The large diversity of available drugs, their side-effects and lack of information about the right medication can make choosing an antidepressant a very difficult task for patients.
New trial from Mayo Clinic, published in the JAMA Internal Medicine journal shows that both patient’s and physician’s satisfaction about choosing the right antidepressant can increase by using a simple series of conversation cards, as researcher Annie LeBlanc explains:
“We worked closely with patients, their families, and clinicians to fully understand what really matters to them when confronted with this situation. We wanted to transform the too-often unavailable evidence into accurate, easily accessible information to be used within the context of each person’s needs and preferences, ultimately creating what we hope to be meaningful conversations.”
Study evaluated information from 117 physicians and 301 patients from a Minnesota and Wisconsin. By using decision aid as a conversation tool, study findings showed that the new method increased patients’ comfort in making decisions, as well as their final satisfaction. The conversation tools seem to help patients and their doctors to better address specific situations and to be better informed on the patient’s needs.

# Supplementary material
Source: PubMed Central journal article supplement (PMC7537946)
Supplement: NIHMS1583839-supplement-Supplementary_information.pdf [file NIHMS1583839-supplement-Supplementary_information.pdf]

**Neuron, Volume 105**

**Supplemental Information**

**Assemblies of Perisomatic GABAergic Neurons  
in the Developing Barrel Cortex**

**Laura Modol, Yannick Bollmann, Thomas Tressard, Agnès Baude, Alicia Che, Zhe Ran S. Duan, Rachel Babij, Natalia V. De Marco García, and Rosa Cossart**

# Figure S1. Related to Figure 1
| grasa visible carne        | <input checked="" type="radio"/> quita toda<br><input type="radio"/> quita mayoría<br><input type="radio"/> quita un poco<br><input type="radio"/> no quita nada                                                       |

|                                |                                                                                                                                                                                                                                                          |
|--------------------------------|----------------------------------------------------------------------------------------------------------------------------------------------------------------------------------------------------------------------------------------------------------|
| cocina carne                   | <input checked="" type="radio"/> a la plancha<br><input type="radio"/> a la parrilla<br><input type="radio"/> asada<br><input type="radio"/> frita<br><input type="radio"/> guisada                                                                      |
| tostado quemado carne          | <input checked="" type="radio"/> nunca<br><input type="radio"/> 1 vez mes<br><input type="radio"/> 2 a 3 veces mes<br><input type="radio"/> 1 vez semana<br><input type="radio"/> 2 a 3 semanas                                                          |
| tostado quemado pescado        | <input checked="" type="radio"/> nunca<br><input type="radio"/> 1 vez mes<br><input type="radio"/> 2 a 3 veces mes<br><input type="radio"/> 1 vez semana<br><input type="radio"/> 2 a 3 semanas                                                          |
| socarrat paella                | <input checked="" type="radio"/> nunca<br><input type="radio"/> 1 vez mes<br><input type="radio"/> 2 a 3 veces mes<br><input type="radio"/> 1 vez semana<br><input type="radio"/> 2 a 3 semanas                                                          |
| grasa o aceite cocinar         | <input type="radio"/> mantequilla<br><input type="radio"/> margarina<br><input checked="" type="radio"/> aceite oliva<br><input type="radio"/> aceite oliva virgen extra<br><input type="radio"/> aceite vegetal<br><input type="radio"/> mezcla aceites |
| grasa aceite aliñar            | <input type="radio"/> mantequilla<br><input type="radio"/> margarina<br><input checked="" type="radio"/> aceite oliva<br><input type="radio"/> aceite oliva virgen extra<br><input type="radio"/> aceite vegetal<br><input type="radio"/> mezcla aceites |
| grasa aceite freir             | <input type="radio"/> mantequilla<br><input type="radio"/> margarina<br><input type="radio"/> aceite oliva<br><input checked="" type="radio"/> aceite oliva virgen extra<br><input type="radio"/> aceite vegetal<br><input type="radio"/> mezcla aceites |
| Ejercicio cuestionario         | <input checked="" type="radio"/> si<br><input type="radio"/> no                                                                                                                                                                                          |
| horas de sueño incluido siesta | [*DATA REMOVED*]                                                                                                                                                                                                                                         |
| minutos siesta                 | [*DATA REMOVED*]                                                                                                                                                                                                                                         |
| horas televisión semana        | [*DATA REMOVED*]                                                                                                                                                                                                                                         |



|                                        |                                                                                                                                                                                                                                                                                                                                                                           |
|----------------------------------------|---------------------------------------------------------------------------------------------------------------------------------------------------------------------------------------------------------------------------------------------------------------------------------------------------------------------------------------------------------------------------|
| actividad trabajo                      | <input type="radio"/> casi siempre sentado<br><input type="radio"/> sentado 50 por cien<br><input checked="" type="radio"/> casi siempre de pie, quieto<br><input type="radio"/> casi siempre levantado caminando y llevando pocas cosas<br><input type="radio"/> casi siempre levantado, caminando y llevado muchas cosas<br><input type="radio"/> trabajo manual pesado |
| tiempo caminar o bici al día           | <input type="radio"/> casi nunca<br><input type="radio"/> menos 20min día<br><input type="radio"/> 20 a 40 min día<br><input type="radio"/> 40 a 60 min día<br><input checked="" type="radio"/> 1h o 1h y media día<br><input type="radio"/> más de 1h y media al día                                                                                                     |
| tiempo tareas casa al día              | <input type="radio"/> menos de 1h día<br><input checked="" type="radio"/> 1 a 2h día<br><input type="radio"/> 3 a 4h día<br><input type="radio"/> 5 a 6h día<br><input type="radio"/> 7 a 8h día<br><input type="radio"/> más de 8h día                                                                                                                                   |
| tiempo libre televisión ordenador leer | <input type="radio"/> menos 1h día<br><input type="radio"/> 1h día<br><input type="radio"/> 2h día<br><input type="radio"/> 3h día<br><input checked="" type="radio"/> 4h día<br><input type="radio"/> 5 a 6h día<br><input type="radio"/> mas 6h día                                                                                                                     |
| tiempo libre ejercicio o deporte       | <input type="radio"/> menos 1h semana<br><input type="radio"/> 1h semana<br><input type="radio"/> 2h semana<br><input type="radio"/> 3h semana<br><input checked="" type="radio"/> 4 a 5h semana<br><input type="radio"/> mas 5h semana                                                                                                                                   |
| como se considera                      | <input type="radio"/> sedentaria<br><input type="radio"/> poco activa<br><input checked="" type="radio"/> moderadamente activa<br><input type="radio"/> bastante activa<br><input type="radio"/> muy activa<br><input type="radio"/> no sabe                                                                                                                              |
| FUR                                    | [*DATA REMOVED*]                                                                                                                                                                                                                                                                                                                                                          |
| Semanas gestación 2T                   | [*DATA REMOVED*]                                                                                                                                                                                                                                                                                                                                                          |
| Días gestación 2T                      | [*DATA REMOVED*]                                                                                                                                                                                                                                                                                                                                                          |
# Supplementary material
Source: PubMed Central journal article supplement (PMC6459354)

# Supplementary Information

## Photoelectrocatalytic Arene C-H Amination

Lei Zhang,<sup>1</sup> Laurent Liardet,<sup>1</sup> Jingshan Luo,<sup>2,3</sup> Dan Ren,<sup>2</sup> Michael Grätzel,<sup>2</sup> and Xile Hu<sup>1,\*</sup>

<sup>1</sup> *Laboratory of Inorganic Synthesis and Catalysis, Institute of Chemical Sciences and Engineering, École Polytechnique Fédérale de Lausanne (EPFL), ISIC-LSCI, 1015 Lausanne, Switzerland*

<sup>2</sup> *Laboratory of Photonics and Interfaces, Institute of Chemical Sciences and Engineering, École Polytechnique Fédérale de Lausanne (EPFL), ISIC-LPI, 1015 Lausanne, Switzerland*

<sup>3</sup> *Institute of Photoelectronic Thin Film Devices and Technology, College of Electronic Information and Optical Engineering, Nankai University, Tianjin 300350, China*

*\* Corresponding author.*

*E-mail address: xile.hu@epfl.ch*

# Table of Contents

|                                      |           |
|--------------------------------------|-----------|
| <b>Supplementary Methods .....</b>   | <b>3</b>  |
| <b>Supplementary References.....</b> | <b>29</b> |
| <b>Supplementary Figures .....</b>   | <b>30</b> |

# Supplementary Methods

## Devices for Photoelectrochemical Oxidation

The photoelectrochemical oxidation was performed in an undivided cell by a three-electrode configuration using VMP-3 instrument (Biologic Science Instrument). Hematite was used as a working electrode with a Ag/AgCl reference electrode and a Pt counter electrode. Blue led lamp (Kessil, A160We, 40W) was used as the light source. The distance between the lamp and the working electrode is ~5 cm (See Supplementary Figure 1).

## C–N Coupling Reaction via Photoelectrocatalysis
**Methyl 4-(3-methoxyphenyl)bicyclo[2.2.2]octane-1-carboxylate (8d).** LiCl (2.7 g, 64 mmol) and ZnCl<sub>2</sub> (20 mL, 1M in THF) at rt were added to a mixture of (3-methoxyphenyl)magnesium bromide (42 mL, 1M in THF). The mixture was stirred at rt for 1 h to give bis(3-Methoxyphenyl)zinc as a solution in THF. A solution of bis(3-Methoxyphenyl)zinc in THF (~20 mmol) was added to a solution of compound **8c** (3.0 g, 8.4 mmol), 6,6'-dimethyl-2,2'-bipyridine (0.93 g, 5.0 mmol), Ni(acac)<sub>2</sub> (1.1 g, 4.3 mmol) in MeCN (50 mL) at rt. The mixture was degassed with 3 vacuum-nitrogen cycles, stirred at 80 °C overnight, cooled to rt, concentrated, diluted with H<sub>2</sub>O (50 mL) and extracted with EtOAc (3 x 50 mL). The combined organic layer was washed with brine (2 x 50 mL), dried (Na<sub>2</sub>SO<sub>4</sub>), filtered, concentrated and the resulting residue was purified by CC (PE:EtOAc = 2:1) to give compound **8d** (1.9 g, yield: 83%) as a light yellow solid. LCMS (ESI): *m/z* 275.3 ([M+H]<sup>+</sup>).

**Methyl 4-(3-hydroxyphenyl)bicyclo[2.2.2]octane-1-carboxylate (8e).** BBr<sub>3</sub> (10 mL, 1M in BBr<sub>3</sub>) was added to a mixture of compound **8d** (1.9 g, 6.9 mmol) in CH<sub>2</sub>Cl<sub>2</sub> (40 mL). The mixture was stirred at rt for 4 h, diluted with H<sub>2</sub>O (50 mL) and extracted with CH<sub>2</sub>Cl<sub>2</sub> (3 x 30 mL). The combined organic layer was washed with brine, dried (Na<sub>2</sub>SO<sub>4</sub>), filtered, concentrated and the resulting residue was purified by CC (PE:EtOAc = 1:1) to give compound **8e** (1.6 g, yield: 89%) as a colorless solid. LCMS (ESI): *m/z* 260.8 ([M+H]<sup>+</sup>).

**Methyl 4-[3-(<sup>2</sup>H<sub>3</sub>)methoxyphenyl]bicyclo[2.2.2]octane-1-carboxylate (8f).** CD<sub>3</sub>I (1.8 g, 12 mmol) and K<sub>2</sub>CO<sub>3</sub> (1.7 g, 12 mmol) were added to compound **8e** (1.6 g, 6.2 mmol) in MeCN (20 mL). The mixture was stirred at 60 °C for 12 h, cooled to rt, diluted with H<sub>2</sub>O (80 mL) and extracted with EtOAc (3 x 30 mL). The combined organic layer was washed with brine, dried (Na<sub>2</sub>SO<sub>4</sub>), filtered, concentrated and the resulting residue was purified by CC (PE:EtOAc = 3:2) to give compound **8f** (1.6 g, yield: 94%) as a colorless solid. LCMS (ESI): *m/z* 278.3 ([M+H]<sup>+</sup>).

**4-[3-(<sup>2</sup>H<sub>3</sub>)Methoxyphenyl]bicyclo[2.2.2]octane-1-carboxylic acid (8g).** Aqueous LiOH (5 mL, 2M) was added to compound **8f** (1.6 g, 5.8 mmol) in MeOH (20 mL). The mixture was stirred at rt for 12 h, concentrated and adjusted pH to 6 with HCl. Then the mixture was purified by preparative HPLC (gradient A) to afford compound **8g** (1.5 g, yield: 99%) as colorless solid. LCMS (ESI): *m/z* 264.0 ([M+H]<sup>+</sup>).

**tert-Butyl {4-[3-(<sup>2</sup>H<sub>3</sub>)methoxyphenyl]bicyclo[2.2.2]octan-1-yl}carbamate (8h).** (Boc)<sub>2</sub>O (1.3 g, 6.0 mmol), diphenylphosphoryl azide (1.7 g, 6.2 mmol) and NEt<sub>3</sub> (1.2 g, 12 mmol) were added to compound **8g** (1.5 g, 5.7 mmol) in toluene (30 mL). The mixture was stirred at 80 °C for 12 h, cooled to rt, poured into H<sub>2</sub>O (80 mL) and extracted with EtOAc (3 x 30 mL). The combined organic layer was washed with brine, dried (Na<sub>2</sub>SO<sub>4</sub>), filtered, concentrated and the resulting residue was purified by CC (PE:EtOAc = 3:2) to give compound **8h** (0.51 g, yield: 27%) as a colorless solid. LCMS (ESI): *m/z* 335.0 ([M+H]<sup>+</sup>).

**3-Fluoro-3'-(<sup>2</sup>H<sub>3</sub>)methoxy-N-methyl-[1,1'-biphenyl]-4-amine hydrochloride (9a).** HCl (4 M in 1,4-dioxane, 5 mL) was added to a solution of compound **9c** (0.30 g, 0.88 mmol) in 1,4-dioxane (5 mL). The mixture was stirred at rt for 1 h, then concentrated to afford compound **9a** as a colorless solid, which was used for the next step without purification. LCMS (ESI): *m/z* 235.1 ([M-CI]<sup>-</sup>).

Researchers believe that by improving the process of selecting specific antidepressant medication will allow both parties to feel more comfortable and overall to move closer to more effectively treat depression.
Dr. LeBlanc concludes: “High value health-care involves aligning the care we give patients with their values, preferences, and life circumstances, alongside the best evidence available for that care. This tool is but one way we can effectively approach the ideal of patient-centered care for patients with depression. And, with limited cost and burden to the system, this tool and its associated three minutes of training are available free on-line.”